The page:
Phonological Processes Which Characterize Unintelligible and Intelligible Speech in Early Childhood Phological systems of 60 "essentially unintelligible" children between the ages of three and eight years and 60 normally-developing "intelligible" four-year-olds were analyzed and compared. All of the unintelligible children evidenced liquid deviations, cluster reduction, stridency deletion, stopping, and assimilation. Liquid deviations were demonstrated by some of the intelligible children, however, ... Reports
Reports  |   November 01, 1981
Phonological Processes Which Characterize Unintelligible and Intelligible Speech in Early Childhood
 
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Article Information
Reports   |   November 01, 1981
Phonological Processes Which Characterize Unintelligible and Intelligible Speech in Early Childhood
Journal of Speech and Hearing Disorders, November 1981, Vol. 46, 369-373. doi:10.1044/jshd.4604.369
History: Received December 14, 1978 , Accepted January 6, 1981
 
Journal of Speech and Hearing Disorders, November 1981, Vol. 46, 369-373. doi:10.1044/jshd.4604.369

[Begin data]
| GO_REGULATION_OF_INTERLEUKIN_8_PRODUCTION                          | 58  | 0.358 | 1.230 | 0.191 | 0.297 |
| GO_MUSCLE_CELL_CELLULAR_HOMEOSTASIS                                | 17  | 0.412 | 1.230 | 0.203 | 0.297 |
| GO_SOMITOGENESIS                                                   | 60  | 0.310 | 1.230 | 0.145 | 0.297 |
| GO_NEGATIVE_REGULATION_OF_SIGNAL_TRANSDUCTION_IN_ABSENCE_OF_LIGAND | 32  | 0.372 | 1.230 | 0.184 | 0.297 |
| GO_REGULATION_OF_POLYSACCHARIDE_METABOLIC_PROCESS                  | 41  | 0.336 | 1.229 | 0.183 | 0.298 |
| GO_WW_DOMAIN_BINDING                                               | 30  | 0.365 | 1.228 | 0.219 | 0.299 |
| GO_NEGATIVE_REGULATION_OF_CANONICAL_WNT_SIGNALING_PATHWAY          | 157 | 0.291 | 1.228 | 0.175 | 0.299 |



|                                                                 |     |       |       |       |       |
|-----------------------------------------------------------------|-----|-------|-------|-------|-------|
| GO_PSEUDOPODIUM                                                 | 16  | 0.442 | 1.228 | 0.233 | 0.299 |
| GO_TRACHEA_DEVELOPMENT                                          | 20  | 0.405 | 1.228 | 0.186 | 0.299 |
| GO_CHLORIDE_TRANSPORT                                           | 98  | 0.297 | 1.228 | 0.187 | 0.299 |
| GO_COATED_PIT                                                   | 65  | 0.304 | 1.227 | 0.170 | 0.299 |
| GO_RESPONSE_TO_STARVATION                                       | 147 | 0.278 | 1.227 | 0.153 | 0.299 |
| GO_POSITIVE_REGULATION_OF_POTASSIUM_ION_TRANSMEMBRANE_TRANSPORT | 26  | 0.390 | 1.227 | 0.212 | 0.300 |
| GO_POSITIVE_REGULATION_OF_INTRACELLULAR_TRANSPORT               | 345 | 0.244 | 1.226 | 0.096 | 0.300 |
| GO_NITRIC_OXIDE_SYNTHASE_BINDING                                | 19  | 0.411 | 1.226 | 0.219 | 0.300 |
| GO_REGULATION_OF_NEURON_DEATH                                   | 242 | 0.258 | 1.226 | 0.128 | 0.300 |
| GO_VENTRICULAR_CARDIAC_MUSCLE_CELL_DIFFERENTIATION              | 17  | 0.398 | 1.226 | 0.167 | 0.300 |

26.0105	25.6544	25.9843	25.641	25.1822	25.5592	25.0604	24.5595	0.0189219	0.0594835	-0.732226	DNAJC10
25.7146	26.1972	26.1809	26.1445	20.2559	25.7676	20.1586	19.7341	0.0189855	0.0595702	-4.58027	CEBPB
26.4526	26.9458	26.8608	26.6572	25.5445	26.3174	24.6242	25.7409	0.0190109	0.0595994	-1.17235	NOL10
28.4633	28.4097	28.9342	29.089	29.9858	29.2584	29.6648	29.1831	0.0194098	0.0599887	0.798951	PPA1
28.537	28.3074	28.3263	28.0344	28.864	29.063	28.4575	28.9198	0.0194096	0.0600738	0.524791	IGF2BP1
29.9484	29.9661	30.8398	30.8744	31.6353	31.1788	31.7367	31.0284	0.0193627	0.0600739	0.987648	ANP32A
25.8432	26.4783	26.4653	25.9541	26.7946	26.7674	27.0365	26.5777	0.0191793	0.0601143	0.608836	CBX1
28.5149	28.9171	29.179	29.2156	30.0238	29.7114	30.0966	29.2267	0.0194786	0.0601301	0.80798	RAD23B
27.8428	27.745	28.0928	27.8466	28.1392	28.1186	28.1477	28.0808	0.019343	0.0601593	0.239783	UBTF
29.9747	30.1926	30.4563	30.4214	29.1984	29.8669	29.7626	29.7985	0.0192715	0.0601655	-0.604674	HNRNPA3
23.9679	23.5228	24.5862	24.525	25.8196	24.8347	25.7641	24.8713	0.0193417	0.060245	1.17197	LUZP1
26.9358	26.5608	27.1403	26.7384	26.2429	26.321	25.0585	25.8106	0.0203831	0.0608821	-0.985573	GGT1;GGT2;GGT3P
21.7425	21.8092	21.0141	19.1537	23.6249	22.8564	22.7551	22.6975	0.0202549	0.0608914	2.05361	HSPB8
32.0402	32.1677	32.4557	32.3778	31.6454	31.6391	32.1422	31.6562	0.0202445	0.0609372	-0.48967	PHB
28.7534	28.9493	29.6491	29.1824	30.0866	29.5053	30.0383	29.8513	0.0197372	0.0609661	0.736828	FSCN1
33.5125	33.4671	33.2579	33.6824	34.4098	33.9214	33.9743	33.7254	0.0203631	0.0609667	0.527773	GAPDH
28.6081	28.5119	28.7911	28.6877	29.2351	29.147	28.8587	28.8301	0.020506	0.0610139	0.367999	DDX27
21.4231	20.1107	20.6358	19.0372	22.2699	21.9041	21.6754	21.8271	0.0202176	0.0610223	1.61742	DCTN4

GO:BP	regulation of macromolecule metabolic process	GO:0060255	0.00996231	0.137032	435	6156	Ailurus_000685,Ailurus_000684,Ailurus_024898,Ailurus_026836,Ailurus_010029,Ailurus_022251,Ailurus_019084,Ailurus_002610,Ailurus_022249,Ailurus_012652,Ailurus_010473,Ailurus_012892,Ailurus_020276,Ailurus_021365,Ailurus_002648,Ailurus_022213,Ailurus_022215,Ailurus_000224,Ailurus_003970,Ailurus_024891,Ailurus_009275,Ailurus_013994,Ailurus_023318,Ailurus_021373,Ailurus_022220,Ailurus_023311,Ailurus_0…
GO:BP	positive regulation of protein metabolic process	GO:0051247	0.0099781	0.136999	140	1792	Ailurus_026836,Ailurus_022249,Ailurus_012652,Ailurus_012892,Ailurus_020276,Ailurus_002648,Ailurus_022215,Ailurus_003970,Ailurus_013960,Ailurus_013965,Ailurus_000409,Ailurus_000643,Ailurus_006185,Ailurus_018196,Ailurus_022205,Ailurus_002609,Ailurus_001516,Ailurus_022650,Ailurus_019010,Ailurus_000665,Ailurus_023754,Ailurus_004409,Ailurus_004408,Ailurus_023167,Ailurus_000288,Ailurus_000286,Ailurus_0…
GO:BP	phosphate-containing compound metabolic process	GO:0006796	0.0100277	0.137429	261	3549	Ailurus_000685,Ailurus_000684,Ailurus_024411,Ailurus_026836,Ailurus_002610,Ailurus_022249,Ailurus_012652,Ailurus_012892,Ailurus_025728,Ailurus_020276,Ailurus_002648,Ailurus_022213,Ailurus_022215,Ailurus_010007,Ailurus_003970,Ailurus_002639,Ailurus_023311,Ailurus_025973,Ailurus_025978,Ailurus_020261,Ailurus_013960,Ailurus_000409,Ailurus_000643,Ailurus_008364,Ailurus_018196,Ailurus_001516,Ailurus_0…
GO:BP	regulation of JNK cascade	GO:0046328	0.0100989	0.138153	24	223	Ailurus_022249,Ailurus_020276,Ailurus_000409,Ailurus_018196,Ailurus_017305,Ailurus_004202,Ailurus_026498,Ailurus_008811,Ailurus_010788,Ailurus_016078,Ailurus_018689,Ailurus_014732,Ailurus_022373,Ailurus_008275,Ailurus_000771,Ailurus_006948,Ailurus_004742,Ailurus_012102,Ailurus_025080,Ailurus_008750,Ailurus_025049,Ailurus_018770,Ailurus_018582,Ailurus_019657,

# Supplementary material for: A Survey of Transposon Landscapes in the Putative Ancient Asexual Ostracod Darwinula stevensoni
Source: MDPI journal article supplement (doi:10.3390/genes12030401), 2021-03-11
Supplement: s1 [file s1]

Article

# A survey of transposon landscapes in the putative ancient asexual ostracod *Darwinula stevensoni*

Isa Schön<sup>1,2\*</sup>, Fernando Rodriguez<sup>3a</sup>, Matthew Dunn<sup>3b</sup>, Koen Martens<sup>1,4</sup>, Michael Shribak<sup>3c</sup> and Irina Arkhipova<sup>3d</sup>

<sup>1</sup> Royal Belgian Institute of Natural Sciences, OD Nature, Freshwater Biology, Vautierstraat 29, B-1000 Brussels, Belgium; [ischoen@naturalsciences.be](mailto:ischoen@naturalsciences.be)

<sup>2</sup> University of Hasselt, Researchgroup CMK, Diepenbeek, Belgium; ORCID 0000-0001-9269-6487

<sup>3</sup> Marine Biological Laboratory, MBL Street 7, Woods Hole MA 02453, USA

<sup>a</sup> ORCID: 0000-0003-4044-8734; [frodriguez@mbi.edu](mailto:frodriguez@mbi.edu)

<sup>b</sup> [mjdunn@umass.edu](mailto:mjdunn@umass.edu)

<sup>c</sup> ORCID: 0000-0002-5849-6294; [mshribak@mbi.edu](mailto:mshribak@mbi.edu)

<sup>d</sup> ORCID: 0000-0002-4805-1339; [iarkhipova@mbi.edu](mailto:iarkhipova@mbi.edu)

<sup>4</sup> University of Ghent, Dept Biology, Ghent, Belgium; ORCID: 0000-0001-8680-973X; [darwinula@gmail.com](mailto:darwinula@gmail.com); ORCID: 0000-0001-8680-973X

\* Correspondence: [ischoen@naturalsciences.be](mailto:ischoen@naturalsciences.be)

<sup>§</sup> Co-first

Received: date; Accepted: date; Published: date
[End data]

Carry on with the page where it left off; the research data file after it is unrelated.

History: Received December 14, 1978; Accepted January 6, 1981

Phological systems of 60 "essentially unintelligible" children between the ages of three and eight years and 60 normally-developing "intelligible" four-year-olds were analyzed and compared. All of the unintelligible children evidenced liquid deviations, cluster reduction, stridency deletion, stopping, and assimilation. Liquid deviations were demonstrated by some of the intelligible children, however, the majority produced liquids approximately, and few demonstrated any examples of cluster reduction, stridency deletion, or stopping. Most of the unintelligible children used one or more of the following processes: final consonant deletion; fronting of velars; backing; syllable reduction; prevocalic voicing; glottal replacement. The intelligible four-year-olds rarely utilized any of these latter processes, but postvocalic devoicing, substitutions of /f v s z/ for /θ/ or /ð/, and vowelization of postvocalic or syllabic /l/ were common in their speech samples.

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